UPDATE: 12:30 PM EST
We’re not the only one’s looking up to Angelina Jolie for her courageous decision to undergo a double mastectomy. Her partner, Brad Pitt, also had some words about her major surgery.
“Having witnessed this decision firsthand, I find Angie’s choice, as well as so many others like her, absolutely heroic. I thank our medical team for their care and focus.”
“All I want for is for her to have a long and healthy life, with myself and our children. This is a happy day for our family,” Pitt added.
Now that’s love!
“I do not feel less of a woman.”
In the powerful piece, written entirely by Jolie, she reflects on her own mother’s death after developing ovarian cancer at the age of 56 and writes that her children had “asked if the same thing could happen to me.” Jolie carries the same BRCA1 gene of her mother, which means she not only had an 87 percent risk of developing breast cancer, but also has a 50 percent chance of getting ovarian cancer.
Jolie proactively decided to take an extreme preventative measure of getting her breasts surgically removed. Here, she tells her story:
MY MOTHER fought cancer for almost a decade and died at 56. She held out long enough to meet the first of her grandchildren and to hold them in her arms. But my other children will never have the chance to know her and experience how loving and gracious she was.
We often speak of “Mommy’s mommy,” and I find myself trying to explain the illness that took her away from us. They have asked if the same could happen to me. I have always told them not to worry, but the truth is I carry a “faulty” gene, BRCA1, which sharply increases my risk of developing breast cancer and ovarian cancer.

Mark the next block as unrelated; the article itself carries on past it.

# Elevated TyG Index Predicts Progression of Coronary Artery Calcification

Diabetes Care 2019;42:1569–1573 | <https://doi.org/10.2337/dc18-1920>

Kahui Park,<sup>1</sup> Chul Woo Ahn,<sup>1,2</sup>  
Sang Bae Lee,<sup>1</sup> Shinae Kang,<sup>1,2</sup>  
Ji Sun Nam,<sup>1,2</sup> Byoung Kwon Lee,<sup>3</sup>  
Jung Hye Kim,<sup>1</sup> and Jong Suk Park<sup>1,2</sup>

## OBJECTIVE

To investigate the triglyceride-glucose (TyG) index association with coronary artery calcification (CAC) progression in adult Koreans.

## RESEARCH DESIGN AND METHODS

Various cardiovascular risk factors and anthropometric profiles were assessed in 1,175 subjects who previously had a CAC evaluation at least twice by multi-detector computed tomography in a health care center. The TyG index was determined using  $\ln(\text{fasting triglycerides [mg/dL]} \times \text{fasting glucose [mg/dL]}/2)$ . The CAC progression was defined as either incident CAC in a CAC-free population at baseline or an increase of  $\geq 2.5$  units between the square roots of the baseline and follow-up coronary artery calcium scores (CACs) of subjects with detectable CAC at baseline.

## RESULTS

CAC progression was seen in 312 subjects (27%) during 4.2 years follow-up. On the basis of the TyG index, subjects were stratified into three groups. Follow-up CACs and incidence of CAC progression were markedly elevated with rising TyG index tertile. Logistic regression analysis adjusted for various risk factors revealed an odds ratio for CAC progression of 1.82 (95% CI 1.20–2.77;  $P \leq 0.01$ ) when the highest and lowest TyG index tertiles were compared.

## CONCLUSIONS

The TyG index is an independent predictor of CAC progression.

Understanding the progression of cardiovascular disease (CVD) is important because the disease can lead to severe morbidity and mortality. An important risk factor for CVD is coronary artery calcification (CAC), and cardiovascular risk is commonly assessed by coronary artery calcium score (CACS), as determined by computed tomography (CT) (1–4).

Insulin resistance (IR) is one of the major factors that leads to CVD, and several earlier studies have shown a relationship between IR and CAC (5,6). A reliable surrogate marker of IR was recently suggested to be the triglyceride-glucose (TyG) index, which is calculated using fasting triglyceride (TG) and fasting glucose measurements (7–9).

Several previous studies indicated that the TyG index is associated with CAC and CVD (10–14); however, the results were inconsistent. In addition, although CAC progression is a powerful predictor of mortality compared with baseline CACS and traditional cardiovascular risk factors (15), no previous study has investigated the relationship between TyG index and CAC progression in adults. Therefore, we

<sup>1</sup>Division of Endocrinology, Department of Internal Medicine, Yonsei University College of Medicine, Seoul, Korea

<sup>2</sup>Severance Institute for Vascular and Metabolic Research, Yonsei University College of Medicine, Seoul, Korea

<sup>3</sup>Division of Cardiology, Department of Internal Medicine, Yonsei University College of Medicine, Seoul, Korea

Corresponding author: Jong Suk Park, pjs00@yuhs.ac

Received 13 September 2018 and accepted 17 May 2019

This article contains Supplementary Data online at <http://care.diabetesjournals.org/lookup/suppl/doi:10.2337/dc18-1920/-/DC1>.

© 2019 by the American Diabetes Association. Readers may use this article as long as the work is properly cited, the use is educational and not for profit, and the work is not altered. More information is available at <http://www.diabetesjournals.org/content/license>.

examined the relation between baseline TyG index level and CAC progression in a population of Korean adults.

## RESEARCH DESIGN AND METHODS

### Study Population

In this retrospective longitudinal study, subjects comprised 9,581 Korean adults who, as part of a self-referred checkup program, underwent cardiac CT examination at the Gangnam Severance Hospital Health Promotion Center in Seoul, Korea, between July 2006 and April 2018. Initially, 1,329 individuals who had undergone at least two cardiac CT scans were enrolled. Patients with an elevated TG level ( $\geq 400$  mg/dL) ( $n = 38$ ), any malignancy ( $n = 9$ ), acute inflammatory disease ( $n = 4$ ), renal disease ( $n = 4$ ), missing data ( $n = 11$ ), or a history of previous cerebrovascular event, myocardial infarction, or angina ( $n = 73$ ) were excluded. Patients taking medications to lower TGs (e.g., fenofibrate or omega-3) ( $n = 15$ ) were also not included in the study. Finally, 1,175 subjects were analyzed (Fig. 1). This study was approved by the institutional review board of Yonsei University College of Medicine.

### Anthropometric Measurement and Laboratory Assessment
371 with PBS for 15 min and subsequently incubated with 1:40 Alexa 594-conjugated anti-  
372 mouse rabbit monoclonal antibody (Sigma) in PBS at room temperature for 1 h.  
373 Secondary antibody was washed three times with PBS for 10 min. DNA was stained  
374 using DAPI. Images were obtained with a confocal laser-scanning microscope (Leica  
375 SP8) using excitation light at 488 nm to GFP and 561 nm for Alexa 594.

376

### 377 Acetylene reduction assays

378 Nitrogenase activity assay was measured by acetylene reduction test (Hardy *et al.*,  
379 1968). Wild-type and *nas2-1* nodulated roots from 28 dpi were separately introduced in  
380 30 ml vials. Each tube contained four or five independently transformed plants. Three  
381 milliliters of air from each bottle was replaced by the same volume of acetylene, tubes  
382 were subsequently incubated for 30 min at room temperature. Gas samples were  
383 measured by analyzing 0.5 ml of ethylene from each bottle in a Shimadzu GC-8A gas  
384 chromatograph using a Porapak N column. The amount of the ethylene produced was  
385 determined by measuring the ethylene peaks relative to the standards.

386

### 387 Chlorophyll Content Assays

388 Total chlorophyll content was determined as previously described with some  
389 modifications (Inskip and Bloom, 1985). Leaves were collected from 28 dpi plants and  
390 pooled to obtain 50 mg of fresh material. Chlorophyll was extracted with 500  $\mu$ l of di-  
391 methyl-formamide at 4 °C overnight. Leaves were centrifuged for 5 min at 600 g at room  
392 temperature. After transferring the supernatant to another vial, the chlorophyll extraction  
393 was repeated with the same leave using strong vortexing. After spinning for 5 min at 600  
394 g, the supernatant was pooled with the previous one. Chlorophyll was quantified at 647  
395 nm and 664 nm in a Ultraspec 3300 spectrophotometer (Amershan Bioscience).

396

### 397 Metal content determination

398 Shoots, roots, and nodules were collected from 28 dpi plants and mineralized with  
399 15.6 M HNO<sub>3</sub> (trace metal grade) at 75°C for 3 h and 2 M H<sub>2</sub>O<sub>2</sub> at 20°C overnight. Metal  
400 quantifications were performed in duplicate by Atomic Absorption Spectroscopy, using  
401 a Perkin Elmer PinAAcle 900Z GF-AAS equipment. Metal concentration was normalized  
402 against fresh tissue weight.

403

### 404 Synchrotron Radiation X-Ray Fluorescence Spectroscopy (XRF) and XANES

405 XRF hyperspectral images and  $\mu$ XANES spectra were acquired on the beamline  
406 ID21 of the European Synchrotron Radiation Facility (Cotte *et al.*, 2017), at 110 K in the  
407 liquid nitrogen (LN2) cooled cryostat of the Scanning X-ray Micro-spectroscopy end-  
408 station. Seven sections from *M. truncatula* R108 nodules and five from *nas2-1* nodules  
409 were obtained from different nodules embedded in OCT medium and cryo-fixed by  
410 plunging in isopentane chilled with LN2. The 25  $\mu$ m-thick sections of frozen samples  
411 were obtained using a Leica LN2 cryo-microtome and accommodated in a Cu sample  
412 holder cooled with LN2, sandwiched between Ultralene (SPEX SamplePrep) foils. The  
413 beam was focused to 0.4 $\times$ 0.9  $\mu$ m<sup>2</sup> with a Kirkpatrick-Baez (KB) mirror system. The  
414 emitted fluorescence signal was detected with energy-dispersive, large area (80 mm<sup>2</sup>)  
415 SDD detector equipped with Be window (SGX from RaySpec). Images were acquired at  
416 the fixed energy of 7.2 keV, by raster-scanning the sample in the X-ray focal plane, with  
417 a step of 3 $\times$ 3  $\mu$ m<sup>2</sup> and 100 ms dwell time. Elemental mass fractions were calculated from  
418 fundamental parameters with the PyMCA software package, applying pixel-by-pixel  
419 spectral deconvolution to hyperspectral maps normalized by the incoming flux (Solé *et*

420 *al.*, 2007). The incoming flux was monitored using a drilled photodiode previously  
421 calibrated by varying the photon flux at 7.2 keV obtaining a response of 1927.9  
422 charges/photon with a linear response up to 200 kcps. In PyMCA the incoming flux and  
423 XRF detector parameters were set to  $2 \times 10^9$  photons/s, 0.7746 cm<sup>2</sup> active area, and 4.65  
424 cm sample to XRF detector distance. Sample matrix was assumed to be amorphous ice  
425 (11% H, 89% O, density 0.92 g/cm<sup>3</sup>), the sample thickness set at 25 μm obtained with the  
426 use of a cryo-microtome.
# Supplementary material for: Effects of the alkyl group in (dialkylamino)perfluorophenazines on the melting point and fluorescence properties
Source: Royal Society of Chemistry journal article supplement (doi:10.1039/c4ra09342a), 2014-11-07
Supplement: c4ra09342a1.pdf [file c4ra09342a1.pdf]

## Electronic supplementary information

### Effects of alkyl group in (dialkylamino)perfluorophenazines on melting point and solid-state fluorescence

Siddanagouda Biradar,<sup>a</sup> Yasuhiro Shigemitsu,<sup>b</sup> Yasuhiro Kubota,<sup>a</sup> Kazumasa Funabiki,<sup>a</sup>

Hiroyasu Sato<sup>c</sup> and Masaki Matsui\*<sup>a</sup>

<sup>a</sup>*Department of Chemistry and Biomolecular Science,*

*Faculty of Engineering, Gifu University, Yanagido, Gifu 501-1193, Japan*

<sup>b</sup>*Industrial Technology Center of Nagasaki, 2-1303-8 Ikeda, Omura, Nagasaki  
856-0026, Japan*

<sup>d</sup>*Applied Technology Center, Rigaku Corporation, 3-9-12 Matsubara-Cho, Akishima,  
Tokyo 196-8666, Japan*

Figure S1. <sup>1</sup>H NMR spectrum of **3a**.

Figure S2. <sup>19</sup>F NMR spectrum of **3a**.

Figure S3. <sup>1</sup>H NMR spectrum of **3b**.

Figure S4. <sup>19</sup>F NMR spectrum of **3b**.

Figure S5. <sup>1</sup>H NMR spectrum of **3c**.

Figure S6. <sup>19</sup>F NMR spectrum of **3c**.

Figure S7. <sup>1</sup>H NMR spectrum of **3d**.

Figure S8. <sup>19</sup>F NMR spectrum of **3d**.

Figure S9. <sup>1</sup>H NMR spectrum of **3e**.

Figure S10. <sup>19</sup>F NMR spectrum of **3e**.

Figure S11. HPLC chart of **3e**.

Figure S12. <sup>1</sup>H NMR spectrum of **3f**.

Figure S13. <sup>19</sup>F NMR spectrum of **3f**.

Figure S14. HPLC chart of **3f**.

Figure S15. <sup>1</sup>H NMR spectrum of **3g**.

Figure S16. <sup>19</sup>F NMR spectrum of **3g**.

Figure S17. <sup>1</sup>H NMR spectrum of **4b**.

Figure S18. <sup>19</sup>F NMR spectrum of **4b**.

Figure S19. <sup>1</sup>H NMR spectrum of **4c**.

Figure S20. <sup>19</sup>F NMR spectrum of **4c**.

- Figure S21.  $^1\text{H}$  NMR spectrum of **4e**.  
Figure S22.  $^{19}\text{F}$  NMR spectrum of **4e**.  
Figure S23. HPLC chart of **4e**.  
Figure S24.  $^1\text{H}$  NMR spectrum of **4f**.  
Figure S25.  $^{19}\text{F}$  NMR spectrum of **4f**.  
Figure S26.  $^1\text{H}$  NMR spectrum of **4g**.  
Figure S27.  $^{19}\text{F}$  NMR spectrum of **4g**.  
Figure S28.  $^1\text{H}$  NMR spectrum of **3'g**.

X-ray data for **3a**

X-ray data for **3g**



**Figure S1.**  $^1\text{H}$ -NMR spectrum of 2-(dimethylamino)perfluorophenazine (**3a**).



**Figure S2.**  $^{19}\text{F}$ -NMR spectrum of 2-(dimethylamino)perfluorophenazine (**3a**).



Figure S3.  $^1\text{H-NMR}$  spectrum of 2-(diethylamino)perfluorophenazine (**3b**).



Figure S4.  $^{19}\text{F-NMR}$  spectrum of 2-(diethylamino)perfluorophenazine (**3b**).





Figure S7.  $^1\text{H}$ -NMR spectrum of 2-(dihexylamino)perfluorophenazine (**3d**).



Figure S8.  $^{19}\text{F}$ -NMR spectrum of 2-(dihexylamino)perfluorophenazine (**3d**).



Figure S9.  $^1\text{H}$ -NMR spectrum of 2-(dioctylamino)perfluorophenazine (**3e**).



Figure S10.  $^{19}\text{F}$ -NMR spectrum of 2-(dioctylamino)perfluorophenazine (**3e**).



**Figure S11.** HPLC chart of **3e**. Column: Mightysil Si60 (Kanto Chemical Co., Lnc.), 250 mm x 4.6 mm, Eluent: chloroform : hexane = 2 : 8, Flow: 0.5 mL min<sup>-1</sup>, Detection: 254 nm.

My doctors estimated that I had an 87 percent risk of breast cancer and a 50 percent risk of ovarian cancer, although the risk is different in the case of each woman.
Only a fraction of breast cancers result from an inherited gene mutation. Those with a defect in BRCA1 have a 65 percent risk of getting it, on average.
Once I knew that this was my reality, I decided to be proactive and to minimize the risk as much I could. I made a decision to have a preventive double mastectomy. I started with the breasts, as my risk of breast cancer is higher than my risk of ovarian cancer, and the surgery is more complex.
On April 27, I finished the three months of medical procedures that the mastectomies involved. During that time I have been able to keep this private and to carry on with my work.
But I am writing about it now because I hope that other women can benefit from my experience. Cancer is still a word that strikes fear into people’s hearts, producing a deep sense of powerlessness. But today it is possible to find out through a blood test whether you are highly susceptible to breast and ovarian cancer, and then take action.
My own process began on Feb. 2 with a procedure known as a “nipple delay,” which rules out disease in the breast ducts behind the nipple and draws extra blood flow to the area. This causes some pain and a lot of bruising, but it increases the chance of saving the nipple.
Two weeks later I had the major surgery, where the breast tissue is removed and temporary fillers are put in place. The operation can take eight hours. You wake up with drain tubes and expanders in your breasts. It does feel like a scene out of a science-fiction film. But days after surgery you can be back to a normal life.
Nine weeks later, the final surgery is completed with the reconstruction of the breasts with an implant. There have been many advances in this procedure in the last few years, and the results can be beautiful.
Jolie never fails to amaze me, what a strong woman! To read the rest of Jolie’s emotional story, click here.